Eclipses of Sun and Moon

Eclipses of Sun and Moon

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When a celestial body interposes between two others blocking its light, an eclipse occurs. On Earth we have two types: eclipses of the Sun and eclipses of the Moon.

Eclipses of the Sun

A solar eclipse it consists of the total or partial obscuration of the Sun that is observed from a planet by the passage of a satellite, such as the passage of the Moon between the Sun and the Earth.

An eclipse of the Sun is only visible in a narrow strip of the Earth's surface. When the Moon interposes between the Sun and the Earth, it casts a shadow on a certain part of the Earth's surface, and a certain point on Earth can be immersed in the shadow cone or the penumbra cone.

Those who are in the area in which the shadow cone is projected will see the disk of the Moon overlap entirely with that of the Sun, and in this case there will be a total solar eclipse. Those who are in an area intercepted by the penumbra cone, will see the disk of the Moon overlap only in part with that of the Sun, and there is a partial solar eclipse.

There is also a third case, when the new Moon is in the node at a greater distance from the average, then its apparent diameter is smaller than usual and its disk does not cover exactly that of the Sun. these circumstances, on a certain strip of the Earth the shadow cone does not affect but its prolongation, and there is an annular solar eclipse, because around the lunar disk a luminous ring is visible.

As one of these situations occurs in the eclipses, there is talk of areas of totality, partiality or annularity, referring to the type of eclipse that can be observed from any point on the earth's surface.

Because of the moon movements around the Earth and the movement of the Earth around itself, the shadow of the Moon on the earth's surface moves at about 15 km / s. The entire phase for a given geographical point does not therefore exceed eight minutes. This area can have a maximum width and length of 200 and 15,000 km respectively.

Eclipses of Luna

A lunar eclipse it consists of the passage of a planetary satellite, like the Moon, by the shadow cast by the planet, so that the direct illumination of the satellite by the Sun is interrupted.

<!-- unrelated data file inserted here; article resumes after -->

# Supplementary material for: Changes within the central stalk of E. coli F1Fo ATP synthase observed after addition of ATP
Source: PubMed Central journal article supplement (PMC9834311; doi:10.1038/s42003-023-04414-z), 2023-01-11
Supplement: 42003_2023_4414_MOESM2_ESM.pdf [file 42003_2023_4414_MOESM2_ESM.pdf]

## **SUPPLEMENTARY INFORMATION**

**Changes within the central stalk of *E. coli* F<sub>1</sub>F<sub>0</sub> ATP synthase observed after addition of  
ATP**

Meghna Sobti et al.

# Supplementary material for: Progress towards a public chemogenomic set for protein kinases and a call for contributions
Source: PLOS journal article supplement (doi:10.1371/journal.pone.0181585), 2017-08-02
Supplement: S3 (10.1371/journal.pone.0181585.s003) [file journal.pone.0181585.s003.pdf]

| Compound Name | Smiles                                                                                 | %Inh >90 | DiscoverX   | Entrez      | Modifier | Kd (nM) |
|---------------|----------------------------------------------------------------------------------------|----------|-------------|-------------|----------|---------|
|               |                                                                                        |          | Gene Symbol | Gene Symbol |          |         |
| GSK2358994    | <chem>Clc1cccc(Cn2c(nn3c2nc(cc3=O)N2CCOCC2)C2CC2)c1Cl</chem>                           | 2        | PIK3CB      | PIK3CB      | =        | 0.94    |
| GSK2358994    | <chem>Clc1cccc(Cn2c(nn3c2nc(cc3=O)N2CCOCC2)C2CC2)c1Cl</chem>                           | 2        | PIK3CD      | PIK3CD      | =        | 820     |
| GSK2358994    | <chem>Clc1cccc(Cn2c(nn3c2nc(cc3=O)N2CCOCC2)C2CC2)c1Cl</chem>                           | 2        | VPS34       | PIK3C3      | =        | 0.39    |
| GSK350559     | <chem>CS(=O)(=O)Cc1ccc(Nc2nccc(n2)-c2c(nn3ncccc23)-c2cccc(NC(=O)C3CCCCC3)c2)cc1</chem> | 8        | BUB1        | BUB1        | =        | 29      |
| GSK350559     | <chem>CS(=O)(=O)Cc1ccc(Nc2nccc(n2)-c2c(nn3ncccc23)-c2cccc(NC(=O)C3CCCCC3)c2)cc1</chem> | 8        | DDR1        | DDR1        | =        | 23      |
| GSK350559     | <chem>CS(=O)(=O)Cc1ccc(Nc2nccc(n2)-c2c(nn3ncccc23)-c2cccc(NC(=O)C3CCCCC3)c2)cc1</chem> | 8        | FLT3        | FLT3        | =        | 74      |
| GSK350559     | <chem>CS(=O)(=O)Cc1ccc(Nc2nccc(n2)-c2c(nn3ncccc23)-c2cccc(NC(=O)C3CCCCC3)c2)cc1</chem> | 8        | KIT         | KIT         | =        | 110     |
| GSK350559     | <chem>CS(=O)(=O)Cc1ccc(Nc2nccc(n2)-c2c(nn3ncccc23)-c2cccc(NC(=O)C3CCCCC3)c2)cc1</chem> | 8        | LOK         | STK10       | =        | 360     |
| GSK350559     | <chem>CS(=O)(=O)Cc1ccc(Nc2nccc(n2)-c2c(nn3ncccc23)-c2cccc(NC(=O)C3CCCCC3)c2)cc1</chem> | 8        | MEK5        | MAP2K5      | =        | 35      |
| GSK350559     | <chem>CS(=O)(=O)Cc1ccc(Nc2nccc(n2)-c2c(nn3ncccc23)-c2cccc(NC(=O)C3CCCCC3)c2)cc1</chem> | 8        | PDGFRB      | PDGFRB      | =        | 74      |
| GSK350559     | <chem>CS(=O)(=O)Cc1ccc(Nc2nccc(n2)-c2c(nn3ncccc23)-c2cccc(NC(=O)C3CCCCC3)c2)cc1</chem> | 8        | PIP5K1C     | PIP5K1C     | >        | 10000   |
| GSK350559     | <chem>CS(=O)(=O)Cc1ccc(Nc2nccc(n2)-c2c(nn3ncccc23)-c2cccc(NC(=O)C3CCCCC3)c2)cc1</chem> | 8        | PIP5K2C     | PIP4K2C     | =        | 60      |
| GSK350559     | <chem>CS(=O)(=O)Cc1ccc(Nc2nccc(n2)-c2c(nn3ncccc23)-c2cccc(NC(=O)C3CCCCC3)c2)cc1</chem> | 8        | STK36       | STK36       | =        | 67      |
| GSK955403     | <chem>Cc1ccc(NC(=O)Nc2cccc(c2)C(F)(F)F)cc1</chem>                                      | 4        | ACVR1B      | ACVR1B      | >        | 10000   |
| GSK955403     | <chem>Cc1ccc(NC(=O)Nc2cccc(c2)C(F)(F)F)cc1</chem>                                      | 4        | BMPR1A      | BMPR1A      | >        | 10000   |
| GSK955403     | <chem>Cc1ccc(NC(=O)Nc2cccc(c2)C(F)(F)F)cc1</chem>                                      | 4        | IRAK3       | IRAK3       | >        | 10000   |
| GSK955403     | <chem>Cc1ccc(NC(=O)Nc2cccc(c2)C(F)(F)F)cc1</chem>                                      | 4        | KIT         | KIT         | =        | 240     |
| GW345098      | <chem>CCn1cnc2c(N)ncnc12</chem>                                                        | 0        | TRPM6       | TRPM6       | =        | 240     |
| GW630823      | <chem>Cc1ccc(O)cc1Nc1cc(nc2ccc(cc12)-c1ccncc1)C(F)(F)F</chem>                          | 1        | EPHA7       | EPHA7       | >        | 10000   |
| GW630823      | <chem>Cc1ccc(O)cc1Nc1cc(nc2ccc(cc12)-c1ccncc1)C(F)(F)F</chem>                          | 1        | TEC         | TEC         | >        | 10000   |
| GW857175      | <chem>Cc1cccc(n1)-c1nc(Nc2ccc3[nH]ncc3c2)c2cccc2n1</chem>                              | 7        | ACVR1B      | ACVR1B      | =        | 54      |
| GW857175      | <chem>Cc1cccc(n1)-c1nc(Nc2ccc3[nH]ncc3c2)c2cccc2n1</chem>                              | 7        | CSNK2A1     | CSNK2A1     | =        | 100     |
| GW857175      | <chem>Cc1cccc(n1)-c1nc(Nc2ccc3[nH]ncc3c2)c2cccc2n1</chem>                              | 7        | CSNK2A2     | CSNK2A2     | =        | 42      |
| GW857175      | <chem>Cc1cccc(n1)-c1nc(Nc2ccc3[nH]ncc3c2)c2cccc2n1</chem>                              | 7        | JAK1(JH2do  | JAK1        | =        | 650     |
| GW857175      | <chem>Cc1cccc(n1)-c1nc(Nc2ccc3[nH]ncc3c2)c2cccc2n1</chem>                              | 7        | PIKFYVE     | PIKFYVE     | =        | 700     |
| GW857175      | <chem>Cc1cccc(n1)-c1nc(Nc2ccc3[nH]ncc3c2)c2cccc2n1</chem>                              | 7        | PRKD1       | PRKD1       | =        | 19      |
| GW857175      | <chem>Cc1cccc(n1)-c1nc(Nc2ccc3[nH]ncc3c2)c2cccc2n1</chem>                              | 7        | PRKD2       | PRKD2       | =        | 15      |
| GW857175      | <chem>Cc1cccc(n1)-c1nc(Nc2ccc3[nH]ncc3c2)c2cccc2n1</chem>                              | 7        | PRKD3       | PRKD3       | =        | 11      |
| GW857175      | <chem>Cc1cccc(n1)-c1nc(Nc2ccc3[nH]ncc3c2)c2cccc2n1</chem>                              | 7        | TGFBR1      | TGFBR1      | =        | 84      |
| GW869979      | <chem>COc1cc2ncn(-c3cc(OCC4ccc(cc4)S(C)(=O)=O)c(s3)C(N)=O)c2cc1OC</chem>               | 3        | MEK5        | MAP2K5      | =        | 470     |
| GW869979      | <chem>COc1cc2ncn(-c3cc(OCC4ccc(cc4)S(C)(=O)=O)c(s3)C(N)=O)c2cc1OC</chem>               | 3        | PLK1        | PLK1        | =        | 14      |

Lunar eclipses take place only near the full moon phase, and can be observed from large areas of the earth's surface, particularly throughout the hemisphere that is not illuminated by the Sun, provided the Moon is above the horizon.

Normally the disappearance of the Moon is not total; its disk is illuminated by the light scattered by the Earth's atmosphere and acquires a reddish halo. The total shadow or umbra produced by the earth is surrounded by a region of partial shade called penumbra. In the initial and last stages of lunar eclipse, the moon enters darkness.

Depending on whether or not the moon enters the umbra zone completely, the total lunar eclipses can be distinguished, when the satellite is completely submerged in umbra, the partial lunar eclipses, when it penetrates only partly in umbra and only part of the Lunar surface is visibly obscured, and penumbra eclipses, when the Moon passes only through the penumbra cone, hardly noticeable to the naked eye and only evident by suitable photographic techniques.

The maximum duration of the total lunar eclipses is 3.5 hours. The magnitude of a lunar eclipse is defined as the length of the lunar path through the umbra divided by the apparent diameter of the Moon.

The study of the lunar eclipses, in addition to allowing astronomical measures such as the verification of the contact moments between the disk of our natural satellite and the shadow cone, is useful to indirectly analyze the conditions of the Earth's atmosphere, since the Density and coloration of the umbra and penumbra cones are greatly influenced by the presence of ozone and suspended dust in the various strata of the atmosphere.

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